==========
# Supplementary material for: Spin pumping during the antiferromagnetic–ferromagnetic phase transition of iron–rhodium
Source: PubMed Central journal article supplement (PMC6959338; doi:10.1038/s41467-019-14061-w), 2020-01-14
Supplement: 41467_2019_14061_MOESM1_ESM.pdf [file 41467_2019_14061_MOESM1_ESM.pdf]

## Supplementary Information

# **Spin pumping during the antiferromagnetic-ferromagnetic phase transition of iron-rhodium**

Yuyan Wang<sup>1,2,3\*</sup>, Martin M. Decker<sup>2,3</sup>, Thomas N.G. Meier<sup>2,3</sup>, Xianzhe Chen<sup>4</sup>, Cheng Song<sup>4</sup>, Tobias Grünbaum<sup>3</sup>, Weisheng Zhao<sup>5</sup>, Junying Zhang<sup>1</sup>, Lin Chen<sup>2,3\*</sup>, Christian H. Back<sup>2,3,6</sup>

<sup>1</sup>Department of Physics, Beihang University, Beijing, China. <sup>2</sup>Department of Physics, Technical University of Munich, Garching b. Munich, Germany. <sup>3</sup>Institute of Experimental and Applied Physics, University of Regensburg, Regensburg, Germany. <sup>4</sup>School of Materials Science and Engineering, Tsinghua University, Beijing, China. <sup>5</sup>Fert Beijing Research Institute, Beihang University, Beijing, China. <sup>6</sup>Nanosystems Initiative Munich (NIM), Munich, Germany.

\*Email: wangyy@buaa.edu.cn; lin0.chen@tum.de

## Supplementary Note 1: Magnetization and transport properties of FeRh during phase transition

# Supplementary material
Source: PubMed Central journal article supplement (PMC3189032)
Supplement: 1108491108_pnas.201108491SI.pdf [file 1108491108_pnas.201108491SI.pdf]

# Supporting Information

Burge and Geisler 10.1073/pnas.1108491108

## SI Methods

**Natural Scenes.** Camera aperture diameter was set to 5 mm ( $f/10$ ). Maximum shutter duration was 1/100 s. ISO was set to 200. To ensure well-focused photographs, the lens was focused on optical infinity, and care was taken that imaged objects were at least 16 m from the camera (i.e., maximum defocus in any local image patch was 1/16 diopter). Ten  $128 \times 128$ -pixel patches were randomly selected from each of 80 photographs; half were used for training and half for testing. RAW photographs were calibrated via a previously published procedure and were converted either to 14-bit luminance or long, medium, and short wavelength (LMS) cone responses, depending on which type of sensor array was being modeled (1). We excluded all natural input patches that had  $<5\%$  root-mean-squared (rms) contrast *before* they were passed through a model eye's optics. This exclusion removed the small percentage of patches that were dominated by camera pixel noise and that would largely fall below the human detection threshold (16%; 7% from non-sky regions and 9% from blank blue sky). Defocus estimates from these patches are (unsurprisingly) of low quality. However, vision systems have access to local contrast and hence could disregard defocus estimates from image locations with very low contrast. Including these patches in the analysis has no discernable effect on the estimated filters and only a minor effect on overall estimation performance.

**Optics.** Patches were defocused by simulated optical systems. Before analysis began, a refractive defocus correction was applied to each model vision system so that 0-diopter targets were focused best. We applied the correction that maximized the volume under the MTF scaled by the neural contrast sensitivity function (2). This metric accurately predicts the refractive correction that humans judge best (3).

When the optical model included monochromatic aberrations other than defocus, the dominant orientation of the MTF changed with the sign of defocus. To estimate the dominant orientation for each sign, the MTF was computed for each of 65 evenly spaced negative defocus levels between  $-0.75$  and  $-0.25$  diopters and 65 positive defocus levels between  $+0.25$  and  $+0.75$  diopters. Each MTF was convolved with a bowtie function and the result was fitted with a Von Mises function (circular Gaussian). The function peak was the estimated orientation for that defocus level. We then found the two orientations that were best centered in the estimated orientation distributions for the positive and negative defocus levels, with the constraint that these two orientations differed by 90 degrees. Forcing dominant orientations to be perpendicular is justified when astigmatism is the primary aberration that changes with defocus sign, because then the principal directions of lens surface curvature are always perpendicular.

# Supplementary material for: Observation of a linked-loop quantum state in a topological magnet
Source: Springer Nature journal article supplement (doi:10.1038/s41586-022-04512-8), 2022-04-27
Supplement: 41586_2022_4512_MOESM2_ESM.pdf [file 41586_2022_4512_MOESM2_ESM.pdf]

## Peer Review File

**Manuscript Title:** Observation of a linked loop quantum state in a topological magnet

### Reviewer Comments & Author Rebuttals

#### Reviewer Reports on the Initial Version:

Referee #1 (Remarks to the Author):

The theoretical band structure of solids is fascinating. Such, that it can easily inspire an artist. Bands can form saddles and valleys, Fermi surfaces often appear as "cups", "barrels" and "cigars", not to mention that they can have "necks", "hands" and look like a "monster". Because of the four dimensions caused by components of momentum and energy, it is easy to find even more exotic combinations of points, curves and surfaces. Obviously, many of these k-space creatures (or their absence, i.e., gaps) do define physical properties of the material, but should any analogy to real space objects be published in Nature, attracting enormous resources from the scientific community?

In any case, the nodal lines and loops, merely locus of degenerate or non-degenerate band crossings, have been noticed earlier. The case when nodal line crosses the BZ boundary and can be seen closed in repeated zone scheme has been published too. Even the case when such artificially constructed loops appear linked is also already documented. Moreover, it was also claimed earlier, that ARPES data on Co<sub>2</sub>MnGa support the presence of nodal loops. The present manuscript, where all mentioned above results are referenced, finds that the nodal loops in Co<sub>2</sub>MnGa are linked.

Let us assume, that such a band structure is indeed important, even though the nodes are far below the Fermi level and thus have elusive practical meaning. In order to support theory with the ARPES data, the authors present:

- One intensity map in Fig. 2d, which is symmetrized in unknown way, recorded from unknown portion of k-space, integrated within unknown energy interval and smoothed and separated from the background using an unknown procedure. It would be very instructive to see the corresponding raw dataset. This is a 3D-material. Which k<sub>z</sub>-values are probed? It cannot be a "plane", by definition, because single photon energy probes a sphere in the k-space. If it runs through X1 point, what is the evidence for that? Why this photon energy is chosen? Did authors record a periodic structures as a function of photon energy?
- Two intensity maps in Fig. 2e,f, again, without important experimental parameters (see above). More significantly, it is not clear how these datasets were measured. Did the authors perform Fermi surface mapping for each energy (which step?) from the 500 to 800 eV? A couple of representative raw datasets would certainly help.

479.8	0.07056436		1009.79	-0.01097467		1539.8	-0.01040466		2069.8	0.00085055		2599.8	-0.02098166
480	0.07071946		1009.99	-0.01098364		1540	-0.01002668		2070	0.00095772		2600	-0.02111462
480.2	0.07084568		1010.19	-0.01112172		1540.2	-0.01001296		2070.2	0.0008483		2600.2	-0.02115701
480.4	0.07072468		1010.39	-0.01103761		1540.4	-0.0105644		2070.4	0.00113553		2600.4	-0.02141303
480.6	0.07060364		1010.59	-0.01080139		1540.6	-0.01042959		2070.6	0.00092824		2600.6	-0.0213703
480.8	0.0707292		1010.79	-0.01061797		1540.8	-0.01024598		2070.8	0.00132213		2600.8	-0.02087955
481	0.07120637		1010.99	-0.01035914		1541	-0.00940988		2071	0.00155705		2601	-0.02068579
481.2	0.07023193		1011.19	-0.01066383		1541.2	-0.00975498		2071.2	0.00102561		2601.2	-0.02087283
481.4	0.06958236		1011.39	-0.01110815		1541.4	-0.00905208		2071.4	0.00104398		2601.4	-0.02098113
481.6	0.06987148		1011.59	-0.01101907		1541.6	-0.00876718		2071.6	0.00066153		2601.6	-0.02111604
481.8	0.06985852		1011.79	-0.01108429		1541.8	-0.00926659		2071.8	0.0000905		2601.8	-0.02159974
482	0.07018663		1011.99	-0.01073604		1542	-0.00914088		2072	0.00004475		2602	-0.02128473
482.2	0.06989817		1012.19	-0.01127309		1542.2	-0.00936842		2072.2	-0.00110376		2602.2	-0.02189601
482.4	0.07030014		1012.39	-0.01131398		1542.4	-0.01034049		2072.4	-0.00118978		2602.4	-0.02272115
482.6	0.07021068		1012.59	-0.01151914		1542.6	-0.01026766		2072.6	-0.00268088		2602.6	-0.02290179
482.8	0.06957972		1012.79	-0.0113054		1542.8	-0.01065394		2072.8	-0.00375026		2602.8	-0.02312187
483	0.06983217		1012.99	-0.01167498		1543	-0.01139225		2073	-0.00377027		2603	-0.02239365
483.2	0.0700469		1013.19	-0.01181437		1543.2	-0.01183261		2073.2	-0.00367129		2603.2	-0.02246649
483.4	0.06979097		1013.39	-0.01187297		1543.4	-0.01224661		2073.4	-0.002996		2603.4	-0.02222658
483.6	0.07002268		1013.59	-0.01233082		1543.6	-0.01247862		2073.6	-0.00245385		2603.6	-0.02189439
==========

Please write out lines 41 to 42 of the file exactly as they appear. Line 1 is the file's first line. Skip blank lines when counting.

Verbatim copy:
481.6	0.06987148		1011.59	-0.01101907		1541.6	-0.00876718		2071.6	0.00066153		2601.6	-0.02111604
481.8	0.06985852		1011.79	-0.01108429		1541.8	-0.00926659		2071.8	0.0000905		2601.8	-0.02159974